Like an ostrich when danger threatens, I’d buried myself in work while Peter was away, and by the time he came home in February 1987 – appropriately, on St Valentine’s Day – my Victorian novel, Louisa Elliott, was rapidly reaching its conclusion. I’d also had some encouraging news.
Like all the best stories, it began on Christmas Eve. On my way home from last-minute shopping in Otley market, the lights of the library reminded me I needed something to read over the festive season.
They were getting read to close. With no time to browse, I turned to the ‘Recently Returned’ shelf. My eye was caught at once by a chunky purple spine. It promised enough pages to keep me distracted for several days, so I picked it out. Although the author’s name, Rosie Thomas, was not familiar to me then, the blurb on the inside flap of The White Dove sounded good: Spanish Civil War, ill-starred lovers, a touch of tragedy. Wasting no further effort, I checked it out in what must rank as record time, and found myself looking forward to unwinding at the end of the day.
With presents wrapped and vegetables prepared, I took the book up to bed with a cup of soothing cocoa, started reading and was gripped at once. Before I had reached the end of the third page, I knew with powerful certainty that I had to write to the author.
That kind of unswerving instinct had happened to me before, generally to do with research, where a sudden prompt would lead me to look in a certain direction, always with a result. On this occasion I gave myself a mental slap on the wrist and told instinct not to be ridiculous. ‘You haven’t even read the book yet,’ my sensible self said. ‘At least get to the end before you start writing letters to the author!’
So I relaxed and took my time with a thoroughly enjoyable story. While appreciating the research that had gone into it, I felt – for the first time ever with a book – that the style was similar to my own. I’d never written to an author before, but I penned a letter to Rosie Thomas in the New Year, expressing my admiration and explaining that I had almost finished a novel of my own, and was looking for tips on who to approach.
What the reply would be I had no way of knowing. All I could do was hope. From previous experience (with my first, unpublished novel) I knew that sending to publishers direct was a chancy process. After a couple of months they were likely to reject a manuscript simply because the slush pile was getting too high. I was sure an agent would be best, but in the Writers’ & Artists’ Year Book of the time there were few clues linking agents with material. (Things have changed, I’m glad to say, and nowadays more information is given.)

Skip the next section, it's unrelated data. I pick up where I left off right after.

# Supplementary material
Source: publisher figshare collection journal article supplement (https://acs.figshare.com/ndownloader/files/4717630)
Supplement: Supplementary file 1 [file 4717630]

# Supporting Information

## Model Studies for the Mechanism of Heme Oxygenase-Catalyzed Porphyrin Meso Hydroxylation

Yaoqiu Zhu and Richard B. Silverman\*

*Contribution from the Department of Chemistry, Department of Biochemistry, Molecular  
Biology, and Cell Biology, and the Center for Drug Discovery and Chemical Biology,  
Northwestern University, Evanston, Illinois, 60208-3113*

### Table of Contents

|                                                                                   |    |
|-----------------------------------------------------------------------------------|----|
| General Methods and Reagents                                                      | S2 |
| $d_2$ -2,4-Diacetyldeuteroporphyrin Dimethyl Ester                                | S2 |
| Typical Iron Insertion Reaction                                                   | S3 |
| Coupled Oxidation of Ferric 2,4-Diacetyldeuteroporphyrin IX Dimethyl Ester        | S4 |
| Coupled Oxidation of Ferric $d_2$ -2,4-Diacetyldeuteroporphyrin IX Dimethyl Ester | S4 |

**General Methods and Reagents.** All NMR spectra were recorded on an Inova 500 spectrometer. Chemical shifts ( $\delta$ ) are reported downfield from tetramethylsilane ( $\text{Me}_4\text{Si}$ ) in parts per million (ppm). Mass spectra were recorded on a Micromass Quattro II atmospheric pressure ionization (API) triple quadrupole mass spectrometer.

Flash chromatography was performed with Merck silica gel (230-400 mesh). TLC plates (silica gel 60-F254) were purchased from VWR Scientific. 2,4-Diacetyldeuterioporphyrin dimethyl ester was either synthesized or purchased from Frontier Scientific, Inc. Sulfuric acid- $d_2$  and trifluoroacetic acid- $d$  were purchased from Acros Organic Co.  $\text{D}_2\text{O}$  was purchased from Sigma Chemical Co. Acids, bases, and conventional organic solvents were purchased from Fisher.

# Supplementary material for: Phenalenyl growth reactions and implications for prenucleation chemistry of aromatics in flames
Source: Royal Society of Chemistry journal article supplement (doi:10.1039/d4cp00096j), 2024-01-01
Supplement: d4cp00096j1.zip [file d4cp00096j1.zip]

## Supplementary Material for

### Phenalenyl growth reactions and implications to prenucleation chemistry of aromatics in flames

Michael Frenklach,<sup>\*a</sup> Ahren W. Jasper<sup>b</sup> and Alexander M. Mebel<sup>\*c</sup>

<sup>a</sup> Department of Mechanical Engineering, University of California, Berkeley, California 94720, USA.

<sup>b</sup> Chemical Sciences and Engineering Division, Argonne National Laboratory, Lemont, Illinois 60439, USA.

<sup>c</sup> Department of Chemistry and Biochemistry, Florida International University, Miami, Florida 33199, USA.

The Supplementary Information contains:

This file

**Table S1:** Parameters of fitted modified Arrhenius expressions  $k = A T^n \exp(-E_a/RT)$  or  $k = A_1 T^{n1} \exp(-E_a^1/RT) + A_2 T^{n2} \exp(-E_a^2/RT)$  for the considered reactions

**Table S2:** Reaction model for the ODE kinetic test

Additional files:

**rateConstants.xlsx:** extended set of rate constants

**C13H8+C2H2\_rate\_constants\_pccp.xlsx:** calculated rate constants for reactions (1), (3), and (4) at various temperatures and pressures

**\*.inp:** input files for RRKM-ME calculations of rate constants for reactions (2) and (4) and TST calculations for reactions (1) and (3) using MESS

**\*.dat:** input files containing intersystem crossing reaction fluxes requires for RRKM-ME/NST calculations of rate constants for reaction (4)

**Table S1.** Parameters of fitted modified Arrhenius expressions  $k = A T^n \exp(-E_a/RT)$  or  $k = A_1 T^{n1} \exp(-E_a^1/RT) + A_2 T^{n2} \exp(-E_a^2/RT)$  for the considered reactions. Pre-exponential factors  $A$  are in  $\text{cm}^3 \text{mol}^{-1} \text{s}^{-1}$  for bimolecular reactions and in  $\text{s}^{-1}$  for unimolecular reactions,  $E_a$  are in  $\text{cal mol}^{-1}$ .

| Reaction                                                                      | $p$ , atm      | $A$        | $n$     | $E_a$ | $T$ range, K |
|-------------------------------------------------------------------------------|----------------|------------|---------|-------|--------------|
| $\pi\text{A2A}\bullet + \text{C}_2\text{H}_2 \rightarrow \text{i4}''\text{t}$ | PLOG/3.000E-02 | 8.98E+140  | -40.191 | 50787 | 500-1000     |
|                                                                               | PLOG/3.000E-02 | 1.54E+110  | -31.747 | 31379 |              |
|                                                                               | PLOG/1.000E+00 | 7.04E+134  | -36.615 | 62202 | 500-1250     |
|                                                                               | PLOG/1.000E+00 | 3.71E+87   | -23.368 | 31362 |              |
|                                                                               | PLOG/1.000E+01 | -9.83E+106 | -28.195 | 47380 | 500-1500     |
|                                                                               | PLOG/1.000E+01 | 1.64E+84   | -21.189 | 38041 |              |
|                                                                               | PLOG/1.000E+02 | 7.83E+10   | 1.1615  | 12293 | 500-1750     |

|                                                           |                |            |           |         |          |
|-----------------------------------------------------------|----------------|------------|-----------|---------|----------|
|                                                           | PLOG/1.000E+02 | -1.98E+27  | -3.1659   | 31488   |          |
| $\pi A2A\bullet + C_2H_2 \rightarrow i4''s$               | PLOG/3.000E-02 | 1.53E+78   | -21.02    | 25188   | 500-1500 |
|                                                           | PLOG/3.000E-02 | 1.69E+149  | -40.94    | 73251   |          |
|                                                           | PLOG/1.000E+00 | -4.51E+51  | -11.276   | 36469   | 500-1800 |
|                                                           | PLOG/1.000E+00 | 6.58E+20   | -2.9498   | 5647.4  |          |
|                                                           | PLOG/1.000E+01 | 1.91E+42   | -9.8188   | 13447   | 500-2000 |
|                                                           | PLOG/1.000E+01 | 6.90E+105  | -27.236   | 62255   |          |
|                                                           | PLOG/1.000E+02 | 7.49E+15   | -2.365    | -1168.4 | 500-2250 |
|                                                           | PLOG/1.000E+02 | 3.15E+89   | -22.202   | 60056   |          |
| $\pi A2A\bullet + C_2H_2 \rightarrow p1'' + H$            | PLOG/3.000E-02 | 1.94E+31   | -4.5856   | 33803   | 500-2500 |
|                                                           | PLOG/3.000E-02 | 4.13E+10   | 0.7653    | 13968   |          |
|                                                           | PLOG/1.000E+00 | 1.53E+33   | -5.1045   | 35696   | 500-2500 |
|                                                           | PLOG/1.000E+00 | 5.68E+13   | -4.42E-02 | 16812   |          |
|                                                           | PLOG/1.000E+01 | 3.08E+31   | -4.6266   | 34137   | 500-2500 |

To my astonishment, within the week I had a reply. A most generous reply, containing excellent advice. It was better to approach an agent with a first novel, she said, since a professional recommendation would at least guarantee a reading. Otherwise it might languish unread for months. That was as I’d suspected. But having worked in publishing herself, Rosie Thomas had insider knowledge. She was able to give me the names of three literary agents, including her own, who handled, as she said, ‘a number of well-known names in our field.’
‘Our field!’ I repeated incredulously. That little phrase made me glow with pride. The kids cheered, but when I related the news to my researcher friend Lena, she was awestruck. After all the coincidences we’d experienced together, this one seemed to top the lot. Shaking her head, she said: ‘Why are we surprised? They’re all batting for you upstairs!’
Following Rosie Thomas’s excellent advice, I worked even harder over the next two months. I refined and polished the tale; I checked for errors and retyped pages stiff with correcting fluid. I introduced the right lines of verse – my tribute to Hardy – and completed the pen-and-ink drawings of York which mark the beginning of each stage of the book. I worked on the manuscript until I felt I could do no more.
Reaching the final page, I found it made a satisfying circle for me, ending, some seven years later, in the place of its beginning. In that journey, Louisa, Edward and Robert had lived and suffered and learned and grown. If I’d taken liberties with their true-life stories, my characters had taken on lives of their own, making decisions that perhaps not everyone would agree with. Nevertheless, the characters who were saying goodbye at the end were considerably more mature than the ones who greeted each other in the beginning.
Looking back on the journey I’d made while writing, I felt rather like that myself.
Rosie Thomas has written many excellent novels since The White Dove, amongst them Strangers, Iris & Ruby, and The Kashmir Shawl. Her most recent book, The Illusionists, is now on my Kindle. You can contact her through her website: http://rosiethomasauthor.com/